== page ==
Weaving Southeast Asian threads
In 2014, culture360 invites a number of special correspondents to get an insight on issues that are highly discussed in the cultural sector across Asia and Europe.
Magali An Berthon, will explore arts, crafts and design topics focusing on Southeast Asia and France. Through a number of in-depth articles and interviews, she will attempt to portray creative profiles emerging from a new young generation of artists and designers without borders. She will also focus on inspiring initiatives renewing and promoting local crafts and traditions.
In this first article, Magali An reports on the textile symposium organized by the Queen Sirikit Museum of Textiles which took place in Bangkok in November 2013. This international gathering was an opportunity to weave connections with a global community of textile experts and aficionados and to highlight the diversity and vitality of Asian textile crafts.
Last November 2013, an exceptional symposium entitled “Weaving royal traditions through time at the Thai Court and beyond” took place in Bangkok. For the occasion, a textile community of major experts has gathered to attend this event of importance organized by the Queen Sirikit Museum of Textiles and the Support Foundation. The most prestigious curators, museum conservators, textiles and Asian culture aficionados from all over the world have come to participate, share their knowledge and discuss the strong connections between the Southeast Asian textile identities.
THE QUEEN SIRIKIT MUSEUM OF TEXTILES
As the hallmark emblematic of this Southeast Asian crafts vitality, the Queen Sirikit Museum of Textiles has opened its doors in Bangkok in 2012. It occupies the fully-renovated former building of the Ministry of Finance, two steps away from the famous Royal Palace. As the name indicates, this museum was created as an initiative of Her Majesty the Queen of Thailand.
The space houses the Western style wardrobe of the Queen and it displays around 30 precious outfits sparkling brightly, extremely refined regalia and ceremonial dresses worn throughout her reign to meet the needs of political protocol. Silk brocade woven in gold thread, pearls and precious stones adornment, traditional embroidery with iridescent beetle shells. The exhibition highlights as well her long-term collaboration with fashion designer Pierre Balmain, and how they co-designed the national dress of Thai women in the 1960s: a silk tunic skillfully draped asymmetrically over one shoulder and fastened at the waist.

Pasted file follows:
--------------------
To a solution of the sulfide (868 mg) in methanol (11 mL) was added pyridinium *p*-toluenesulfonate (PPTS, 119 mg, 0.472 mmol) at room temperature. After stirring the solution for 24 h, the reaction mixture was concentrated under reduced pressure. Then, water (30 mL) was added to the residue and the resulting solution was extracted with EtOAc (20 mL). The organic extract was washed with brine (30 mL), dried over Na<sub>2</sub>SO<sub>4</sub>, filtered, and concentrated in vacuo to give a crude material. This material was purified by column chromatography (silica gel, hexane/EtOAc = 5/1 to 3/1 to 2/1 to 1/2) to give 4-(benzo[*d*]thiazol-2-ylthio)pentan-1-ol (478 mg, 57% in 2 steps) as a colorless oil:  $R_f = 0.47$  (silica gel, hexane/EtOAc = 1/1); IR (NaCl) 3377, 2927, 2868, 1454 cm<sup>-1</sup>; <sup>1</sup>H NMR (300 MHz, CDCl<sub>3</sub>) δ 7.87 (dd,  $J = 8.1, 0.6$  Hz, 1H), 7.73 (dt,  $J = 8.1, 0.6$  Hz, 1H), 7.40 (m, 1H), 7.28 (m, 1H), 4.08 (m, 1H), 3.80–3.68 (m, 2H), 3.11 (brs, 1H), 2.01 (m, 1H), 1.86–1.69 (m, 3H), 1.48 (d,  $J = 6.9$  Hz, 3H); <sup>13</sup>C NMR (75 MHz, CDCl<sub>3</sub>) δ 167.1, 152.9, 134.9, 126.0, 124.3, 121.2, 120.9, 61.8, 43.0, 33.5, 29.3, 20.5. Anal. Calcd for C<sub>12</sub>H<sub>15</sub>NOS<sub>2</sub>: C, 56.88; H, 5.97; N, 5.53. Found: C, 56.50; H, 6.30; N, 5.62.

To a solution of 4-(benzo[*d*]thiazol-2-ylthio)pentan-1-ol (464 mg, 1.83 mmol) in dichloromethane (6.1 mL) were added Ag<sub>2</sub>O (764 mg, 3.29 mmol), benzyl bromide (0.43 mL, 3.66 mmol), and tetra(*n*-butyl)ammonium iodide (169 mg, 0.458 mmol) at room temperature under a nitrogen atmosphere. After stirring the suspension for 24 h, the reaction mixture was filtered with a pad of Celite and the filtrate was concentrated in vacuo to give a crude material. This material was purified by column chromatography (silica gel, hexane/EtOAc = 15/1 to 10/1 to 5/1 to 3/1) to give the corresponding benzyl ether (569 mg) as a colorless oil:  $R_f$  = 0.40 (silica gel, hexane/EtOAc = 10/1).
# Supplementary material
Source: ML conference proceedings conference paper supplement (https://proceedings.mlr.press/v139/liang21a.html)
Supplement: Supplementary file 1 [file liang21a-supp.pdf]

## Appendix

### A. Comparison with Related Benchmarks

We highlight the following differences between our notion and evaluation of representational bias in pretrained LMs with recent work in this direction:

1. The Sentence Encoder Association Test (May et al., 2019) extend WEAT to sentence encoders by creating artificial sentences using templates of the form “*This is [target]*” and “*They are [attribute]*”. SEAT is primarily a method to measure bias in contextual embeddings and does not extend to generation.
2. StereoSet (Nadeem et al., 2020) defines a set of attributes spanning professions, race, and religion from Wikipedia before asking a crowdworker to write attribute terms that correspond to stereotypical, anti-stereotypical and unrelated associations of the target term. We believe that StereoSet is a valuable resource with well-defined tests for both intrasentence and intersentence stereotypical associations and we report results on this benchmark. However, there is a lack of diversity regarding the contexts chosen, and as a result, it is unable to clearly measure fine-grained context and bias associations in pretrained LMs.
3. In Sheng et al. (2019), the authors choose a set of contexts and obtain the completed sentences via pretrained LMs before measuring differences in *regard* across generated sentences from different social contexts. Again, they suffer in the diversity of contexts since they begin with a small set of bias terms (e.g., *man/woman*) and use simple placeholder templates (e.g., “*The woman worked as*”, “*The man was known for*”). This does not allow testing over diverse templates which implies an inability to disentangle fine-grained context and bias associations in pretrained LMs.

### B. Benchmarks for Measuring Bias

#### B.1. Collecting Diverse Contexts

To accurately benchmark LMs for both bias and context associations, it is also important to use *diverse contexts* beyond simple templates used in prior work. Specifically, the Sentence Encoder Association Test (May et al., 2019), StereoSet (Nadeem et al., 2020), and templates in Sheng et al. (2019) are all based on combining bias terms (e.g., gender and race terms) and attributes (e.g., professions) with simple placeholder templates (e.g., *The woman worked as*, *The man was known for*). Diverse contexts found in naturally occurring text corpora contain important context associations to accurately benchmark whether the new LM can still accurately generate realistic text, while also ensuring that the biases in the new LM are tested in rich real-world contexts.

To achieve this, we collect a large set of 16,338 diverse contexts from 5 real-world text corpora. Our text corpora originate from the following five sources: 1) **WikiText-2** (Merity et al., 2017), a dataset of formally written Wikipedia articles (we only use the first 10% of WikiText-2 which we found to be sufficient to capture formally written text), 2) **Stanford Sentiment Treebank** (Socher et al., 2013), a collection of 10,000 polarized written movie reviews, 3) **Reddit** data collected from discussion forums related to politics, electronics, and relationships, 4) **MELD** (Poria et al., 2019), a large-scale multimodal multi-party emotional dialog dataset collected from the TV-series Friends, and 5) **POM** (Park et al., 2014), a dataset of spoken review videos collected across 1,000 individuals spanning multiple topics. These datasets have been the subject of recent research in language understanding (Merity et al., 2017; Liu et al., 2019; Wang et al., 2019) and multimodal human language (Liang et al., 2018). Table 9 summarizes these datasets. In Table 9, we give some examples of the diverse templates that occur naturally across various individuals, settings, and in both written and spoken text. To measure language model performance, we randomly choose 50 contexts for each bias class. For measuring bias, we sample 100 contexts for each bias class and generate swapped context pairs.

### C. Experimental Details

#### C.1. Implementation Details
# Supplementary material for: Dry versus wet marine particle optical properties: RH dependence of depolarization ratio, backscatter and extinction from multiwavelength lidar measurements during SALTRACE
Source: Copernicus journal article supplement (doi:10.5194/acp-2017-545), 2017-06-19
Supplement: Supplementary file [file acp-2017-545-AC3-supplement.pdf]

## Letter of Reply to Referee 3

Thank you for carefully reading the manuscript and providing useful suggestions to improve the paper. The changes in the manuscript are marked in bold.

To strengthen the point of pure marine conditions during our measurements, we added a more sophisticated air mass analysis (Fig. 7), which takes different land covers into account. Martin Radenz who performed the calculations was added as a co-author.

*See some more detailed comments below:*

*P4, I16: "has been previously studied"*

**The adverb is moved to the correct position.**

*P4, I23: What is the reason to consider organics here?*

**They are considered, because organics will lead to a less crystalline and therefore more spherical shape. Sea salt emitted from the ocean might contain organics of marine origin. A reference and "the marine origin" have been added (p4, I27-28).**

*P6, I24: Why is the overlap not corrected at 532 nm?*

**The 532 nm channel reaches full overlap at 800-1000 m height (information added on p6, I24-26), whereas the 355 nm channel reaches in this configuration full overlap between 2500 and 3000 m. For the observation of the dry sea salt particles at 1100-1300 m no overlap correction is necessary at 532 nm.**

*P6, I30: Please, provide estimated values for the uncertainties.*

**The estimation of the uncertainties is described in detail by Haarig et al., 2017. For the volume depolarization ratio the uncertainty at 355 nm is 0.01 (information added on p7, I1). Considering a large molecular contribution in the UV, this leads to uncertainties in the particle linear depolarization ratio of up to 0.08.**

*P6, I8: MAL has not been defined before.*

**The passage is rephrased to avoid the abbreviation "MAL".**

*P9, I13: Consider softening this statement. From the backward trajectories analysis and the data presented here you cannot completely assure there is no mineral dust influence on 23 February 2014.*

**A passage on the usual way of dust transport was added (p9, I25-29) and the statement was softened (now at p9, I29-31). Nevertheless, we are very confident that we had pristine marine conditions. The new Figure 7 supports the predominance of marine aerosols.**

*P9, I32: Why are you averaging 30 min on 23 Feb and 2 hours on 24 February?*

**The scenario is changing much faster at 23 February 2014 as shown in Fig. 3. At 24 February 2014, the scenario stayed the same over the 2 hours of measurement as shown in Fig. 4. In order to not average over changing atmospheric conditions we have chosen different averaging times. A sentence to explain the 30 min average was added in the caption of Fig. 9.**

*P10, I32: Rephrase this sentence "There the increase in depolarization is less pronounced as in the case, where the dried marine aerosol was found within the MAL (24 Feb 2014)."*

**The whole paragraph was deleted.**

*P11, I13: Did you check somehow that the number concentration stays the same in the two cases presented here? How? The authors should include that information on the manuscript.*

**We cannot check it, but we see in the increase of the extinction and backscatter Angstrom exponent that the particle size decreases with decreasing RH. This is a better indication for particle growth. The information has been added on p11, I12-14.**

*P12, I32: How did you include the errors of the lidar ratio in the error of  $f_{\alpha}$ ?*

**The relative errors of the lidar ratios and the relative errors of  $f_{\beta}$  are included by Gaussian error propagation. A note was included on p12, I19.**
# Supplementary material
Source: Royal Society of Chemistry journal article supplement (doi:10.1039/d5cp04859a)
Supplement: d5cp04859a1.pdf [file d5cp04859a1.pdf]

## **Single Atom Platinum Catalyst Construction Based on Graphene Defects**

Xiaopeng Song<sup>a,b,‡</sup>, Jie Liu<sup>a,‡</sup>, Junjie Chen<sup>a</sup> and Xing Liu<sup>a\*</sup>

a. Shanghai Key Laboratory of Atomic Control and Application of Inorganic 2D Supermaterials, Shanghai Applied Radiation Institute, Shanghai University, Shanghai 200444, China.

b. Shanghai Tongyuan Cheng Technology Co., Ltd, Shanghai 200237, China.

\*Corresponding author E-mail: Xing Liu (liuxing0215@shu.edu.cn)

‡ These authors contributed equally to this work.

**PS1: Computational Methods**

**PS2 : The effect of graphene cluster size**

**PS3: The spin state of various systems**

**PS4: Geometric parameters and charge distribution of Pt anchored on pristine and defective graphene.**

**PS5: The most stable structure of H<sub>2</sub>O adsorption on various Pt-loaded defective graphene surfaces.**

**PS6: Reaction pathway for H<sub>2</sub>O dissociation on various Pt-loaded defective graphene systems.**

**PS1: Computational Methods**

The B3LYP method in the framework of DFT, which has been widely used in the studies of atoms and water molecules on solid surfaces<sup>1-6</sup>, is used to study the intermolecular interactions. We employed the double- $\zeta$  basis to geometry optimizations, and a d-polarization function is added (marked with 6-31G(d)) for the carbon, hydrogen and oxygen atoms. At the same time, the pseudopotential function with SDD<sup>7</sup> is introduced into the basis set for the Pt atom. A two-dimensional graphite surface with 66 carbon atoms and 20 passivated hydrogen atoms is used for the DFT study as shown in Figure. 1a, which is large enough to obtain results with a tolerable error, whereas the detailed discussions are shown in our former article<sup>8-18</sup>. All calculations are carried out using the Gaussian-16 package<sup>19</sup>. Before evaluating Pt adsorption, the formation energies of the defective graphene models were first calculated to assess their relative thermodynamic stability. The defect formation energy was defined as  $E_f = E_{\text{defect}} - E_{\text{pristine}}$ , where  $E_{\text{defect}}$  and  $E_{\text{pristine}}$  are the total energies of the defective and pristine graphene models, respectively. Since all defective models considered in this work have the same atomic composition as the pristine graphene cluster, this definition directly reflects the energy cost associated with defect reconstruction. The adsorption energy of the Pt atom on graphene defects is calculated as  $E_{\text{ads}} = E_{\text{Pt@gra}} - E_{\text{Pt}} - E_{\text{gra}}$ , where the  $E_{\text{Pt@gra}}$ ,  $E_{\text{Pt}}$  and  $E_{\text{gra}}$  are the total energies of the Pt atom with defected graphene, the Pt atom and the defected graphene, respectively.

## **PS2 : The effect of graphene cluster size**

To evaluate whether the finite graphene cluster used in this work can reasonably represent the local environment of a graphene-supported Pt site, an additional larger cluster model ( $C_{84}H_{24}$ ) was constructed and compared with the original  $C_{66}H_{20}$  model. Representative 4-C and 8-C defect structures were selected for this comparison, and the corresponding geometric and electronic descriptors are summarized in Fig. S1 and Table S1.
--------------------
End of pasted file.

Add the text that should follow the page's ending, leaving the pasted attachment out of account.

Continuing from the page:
PRESERVING TEXTILE CRAFTS IN THAILAND
The Queen has made the preservation of the textile traditions in the country her priority, if not even the work of a lifetime.
Passionate about fabrics, she has since the 1960's traveled to the most isolated regions of Thailand in order to meet textile artisans from different ethnic minorities. With the help of a team of specialists, she has then collected thousands of weaving and embroidery samples, forming a remarkable catalogue of techniques, some of which almost lost and forgotten.
Promoting craftsmanship as a major activity in Thailand, the Queen has founded the Support organization in order to take concrete action to preserve this treasured local cultural heritage. The foundation has opened and supported the development of workshops in the countryside, particularly in the remote area of Isaan, in Northeastern Thailand. Support is also in charge of selling and marketing the traditional artisan products such as “Mudmee” silks, the Thai version of ikat textiles, thus providing a source of reliable income for rural communities often set aside from the overall national economic growth.
A SOUTHEAST ASIAN TEXTILE HUB
Her Majesty is not solely focused on local Thai crafts. As one of the Symposium many highlights, the attendees were privileged to visit private collections in Bangkok showing remarkable pieces representing the entire Asian continent, from antique Burmese textiles and Bhutan traditional cloths, to Laotian and Cambodian weavings. Additionally, guest speakers discussed various topics revealing how textiles are key in identifying ethnic groups and in explaining the trajectories and cross-cultural exchanges. It is possible to map historical trade routes between neighbouring countries, showing the idea that Southeast Asian textiles are the result of this confluence of movements, simply looking at how Cambodian textiles were worn at the Court of King Rama V who reigned from 1868 to 1910; or how Indian block print cloths were designed for the Siamese market and became popular in Japan in the 17th century.
One interesting example illustrated during the symposium was the deep passion of King Rama V for Indonesian batik and how he collected up to 300 pieces by travelling three times to Java in 1871, 1896 and 1901. As expected, this lecture raised a noticeable curiosity among the Indonesian delegation attending the symposium.
Textiles have been used throughout history as money of exchange, facilitating communication between cultures overland and overseas on a cultural, spiritual but also economical level. The Queen Sirikit Museum appears now as a major center of research and reference for textile enthusiasts from Asia and all over the world, willing to get involved in the preservation of these exquisite live crafts.
Magali An Berthon is a French Vietnamese textile designer and editor based in Paris. Graduate of the National School of Decorative Arts in Paris, she has gathered a valuable experience as a textile designer for fashion and home collections. She finds inspiration in her many travels especially in South-East Asia and has developed a deep interest for ethnic arts & crafts, natural fabrics and dyes. In parallel, she works as a writer and documentarist specialized particularly on textile know-how from all over the world.